Welcome to Part 1 of our March 2023 Inspirational Interview with Dr Lina AbiRafeh, an international women’s rights expert and gender equality advocate from Lebanon who is based in the USA. 

Lina AbiRafeh, PhD, is a global women’s rights expert and humanitarian aid worker with 25 years of experience in over 20 countries. She also advises a range of organisations, including the Arab Institute for Women, where she served as Executive Director for seven years. Dr AbiRafeh speaks on global stages and publishes frequently. Her third book will be released in 2023. She has received awards for her work including the Gender Equality Top 100, a Vital Voices fellowship, and a Women in Power fellowship, amongst others. 

Part two of Dr AbiRafeh’s interview will be published 6 March 2023.

All photos are courtesy of Dr Lina AbiRafeh.

1. As an internationally renowned global women’s rights expert and gender equality advocate with a 25-year track record, how and why did you join the movement to end violence against women (VAW)? 

Violence against women is the greatest human rights violation of our time. I learned this at a very young age and decided that I had to do something about it. Once you see these things, you cannot unsee them. And once we see them, we have a duty to act. How can anyone NOT be angry at how the world treats women and girls?! I believe that in order for this injustice to end, we all have to collectively do our part to change things. I want to end violence against women in my lifetime. My latest blog speaks to this.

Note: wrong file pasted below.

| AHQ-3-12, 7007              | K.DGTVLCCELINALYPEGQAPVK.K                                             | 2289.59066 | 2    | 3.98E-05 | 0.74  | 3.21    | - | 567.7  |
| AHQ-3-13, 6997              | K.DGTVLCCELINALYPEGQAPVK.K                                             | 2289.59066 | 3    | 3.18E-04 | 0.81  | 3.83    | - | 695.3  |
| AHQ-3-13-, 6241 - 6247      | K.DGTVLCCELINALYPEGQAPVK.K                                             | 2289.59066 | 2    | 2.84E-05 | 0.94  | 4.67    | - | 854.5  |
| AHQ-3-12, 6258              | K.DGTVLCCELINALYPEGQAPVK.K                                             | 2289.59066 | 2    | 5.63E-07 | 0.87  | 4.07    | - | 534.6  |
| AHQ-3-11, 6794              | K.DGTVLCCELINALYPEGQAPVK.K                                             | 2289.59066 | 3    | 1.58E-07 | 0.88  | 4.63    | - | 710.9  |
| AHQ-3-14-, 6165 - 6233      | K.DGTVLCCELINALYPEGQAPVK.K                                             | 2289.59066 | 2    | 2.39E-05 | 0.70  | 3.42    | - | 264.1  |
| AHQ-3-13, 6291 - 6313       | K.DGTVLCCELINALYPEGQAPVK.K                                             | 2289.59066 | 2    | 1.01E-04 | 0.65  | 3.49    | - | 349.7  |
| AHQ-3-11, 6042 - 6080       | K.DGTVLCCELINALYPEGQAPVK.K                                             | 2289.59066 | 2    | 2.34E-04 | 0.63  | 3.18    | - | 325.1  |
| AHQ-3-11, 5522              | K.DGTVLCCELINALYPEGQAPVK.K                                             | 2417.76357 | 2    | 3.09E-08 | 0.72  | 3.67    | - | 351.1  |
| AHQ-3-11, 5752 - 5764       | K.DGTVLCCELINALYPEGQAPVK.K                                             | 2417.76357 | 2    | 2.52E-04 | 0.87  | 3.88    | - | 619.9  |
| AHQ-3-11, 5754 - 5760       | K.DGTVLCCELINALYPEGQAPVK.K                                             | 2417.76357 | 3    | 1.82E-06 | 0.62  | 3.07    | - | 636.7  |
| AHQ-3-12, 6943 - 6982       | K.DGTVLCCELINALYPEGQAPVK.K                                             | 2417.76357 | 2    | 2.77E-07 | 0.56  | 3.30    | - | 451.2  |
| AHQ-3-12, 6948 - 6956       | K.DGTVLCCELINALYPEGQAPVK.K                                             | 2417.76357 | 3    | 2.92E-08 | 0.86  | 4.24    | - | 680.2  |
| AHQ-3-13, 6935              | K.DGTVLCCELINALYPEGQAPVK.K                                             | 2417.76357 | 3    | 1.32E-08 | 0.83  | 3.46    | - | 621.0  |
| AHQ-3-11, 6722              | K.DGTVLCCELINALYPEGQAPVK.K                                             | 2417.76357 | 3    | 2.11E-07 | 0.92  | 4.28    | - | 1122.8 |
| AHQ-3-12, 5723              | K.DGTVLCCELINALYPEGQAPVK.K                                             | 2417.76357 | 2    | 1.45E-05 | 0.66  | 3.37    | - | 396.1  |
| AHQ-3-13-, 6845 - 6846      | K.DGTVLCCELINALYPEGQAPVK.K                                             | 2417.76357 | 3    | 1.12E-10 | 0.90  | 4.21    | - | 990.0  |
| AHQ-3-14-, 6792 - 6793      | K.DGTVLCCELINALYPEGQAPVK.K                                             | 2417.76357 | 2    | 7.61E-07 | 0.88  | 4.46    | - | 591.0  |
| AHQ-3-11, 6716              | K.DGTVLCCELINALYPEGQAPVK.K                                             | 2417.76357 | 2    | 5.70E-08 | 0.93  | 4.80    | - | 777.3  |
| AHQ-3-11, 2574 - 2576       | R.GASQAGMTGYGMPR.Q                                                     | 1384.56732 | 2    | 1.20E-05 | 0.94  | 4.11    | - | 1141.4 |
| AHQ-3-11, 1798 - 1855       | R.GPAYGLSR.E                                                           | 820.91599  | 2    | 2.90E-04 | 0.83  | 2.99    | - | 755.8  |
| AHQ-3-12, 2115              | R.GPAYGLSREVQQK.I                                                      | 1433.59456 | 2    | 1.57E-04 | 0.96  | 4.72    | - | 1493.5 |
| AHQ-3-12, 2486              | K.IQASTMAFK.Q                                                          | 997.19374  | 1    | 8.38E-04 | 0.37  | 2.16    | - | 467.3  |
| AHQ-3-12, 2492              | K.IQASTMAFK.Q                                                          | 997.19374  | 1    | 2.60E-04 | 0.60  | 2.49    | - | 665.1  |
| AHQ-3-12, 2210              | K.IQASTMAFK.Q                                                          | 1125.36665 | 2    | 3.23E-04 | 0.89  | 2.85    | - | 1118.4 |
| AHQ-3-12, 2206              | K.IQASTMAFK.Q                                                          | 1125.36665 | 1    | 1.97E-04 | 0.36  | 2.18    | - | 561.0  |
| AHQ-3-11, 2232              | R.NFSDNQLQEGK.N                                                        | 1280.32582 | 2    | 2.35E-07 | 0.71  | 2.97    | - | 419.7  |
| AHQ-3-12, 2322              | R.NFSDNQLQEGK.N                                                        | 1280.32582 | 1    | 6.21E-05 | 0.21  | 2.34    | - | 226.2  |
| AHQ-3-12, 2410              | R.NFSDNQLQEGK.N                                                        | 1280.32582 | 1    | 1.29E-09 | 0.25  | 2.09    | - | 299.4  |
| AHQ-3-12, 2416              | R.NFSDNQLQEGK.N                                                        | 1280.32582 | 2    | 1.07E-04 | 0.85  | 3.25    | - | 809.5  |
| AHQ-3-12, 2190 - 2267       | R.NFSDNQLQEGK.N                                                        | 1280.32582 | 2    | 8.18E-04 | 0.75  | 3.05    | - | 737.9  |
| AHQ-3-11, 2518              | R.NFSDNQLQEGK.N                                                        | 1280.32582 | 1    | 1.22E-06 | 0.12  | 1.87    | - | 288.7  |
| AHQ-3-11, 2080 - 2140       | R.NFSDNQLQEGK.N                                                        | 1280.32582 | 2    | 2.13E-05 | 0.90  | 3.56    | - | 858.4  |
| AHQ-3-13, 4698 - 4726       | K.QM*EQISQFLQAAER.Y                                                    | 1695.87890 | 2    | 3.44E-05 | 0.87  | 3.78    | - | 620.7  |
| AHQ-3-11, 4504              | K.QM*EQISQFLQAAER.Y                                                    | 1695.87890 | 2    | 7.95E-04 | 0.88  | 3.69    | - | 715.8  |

2. You have worked in three very different roles as an activist, academic, and aid worker which each bring a different perspective and approach to the fight for women’s rights. How have your experiences in each role informed and influenced your overall approach to the fight to end VAW? 

There are so many ways to end VAW. I have always been a feminist and activist and my role is to find any possible way to make a difference – through academia or aid work or anything. There are roles we can all play in schools, business, and government and, of course, at home. I often say we must “start where we stand” and make change wherever we are. I built my TEDx talk around this theme. We all have a responsibility to do something, and we can take whatever spaces we occupy and make them feminist. We do not have to go far to do good!


3. You were the longtime Executive Director – and currently serve in a senior advisory capacity – at the Arab Institute for Women (AiW) which is the first institute of its kind in the Arab world and also one of the first globally. How did you come to be the Executive Director of AiW and what sort of impact has AiW’s work had on Lebanon and the wider Arab world’s approach and attitudes towards VAW since it was founded in 1973?